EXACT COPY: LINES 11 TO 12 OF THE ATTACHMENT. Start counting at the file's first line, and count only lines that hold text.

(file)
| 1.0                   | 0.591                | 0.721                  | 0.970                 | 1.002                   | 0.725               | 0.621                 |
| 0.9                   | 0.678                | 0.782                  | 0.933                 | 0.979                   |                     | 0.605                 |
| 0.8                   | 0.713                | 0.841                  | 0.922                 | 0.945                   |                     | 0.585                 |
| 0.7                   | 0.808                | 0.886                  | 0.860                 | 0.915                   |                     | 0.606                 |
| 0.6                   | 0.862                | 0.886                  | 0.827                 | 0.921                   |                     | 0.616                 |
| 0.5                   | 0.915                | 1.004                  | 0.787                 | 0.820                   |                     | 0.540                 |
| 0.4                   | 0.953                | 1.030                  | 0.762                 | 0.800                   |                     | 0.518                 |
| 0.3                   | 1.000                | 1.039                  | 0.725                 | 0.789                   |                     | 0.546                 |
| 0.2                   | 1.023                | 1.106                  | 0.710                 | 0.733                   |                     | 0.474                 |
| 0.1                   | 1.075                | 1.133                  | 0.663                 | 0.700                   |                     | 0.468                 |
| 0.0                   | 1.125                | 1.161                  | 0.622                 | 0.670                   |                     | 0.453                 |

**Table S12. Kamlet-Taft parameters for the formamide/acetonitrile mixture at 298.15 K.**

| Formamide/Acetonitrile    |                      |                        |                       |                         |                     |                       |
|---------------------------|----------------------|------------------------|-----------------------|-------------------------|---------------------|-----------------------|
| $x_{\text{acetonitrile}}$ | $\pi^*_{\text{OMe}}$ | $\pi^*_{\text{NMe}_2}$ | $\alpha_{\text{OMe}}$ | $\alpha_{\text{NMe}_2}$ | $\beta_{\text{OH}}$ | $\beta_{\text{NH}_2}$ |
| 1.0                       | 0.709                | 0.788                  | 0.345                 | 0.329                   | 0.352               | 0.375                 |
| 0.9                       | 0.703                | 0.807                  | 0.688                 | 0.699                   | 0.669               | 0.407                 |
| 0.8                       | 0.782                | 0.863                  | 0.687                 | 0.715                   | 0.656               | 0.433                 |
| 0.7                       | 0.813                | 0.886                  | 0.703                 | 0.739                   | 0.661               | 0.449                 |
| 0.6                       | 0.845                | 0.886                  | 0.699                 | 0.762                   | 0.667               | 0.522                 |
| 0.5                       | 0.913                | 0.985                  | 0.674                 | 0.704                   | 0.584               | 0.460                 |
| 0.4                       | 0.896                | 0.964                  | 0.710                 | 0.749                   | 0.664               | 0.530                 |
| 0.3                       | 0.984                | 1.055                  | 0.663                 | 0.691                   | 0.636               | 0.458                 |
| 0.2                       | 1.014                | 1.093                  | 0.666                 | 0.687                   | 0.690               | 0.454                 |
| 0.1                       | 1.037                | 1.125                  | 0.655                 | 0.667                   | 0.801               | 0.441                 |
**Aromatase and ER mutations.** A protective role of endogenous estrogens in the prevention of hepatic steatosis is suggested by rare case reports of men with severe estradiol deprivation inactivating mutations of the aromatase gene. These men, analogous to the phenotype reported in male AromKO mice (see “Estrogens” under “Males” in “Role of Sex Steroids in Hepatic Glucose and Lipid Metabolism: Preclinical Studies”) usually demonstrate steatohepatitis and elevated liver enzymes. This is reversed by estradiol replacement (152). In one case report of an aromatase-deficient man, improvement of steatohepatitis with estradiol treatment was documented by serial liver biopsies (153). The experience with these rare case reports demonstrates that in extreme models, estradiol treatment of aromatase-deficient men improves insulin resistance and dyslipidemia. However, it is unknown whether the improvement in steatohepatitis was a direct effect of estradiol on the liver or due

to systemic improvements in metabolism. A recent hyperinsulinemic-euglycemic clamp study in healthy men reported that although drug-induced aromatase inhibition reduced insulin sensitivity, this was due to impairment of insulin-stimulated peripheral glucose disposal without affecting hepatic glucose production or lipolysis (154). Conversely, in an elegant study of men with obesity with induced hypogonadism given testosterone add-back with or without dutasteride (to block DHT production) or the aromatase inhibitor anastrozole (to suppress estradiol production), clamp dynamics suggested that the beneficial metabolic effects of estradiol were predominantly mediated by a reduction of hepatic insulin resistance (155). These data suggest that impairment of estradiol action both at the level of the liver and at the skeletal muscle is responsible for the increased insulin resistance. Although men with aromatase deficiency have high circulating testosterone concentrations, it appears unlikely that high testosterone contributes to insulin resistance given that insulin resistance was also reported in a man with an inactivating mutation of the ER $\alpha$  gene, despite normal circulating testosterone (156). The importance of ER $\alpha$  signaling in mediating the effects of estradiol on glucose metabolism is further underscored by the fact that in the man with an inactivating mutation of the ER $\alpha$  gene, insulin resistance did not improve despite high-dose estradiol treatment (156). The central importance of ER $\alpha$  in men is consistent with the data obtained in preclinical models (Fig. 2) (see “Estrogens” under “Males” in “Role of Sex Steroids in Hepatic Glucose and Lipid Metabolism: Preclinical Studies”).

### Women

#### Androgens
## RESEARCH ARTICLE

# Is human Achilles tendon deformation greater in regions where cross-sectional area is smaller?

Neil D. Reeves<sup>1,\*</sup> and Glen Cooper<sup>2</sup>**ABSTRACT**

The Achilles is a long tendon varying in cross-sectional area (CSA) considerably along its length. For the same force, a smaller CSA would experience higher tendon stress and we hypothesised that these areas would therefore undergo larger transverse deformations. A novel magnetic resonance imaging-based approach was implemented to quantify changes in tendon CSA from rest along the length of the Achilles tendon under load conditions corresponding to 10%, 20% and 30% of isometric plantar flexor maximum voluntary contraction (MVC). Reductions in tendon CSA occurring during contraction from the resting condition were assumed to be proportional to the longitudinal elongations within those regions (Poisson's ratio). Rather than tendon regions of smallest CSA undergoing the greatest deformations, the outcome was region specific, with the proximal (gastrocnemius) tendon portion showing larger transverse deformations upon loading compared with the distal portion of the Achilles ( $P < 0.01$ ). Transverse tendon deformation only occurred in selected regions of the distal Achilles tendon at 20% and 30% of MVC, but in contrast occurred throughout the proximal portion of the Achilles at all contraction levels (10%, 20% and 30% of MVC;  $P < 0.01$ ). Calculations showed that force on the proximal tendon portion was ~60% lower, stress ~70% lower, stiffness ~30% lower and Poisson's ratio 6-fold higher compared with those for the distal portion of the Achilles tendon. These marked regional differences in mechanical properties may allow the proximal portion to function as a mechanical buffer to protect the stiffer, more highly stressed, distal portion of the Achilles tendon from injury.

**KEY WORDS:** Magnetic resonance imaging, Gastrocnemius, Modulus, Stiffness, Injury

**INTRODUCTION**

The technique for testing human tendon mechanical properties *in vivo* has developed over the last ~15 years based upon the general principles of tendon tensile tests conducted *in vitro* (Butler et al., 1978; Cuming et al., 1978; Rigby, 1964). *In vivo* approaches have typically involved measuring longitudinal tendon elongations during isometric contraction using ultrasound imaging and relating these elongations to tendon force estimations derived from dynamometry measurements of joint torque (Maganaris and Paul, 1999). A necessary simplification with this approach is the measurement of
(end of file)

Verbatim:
| 0.0                   | 1.125                | 1.161                  | 0.622                 | 0.670                   |                     | 0.453                 |

**Table S12. Kamlet-Taft parameters for the formamide/acetonitrile mixture at 298.15 K.**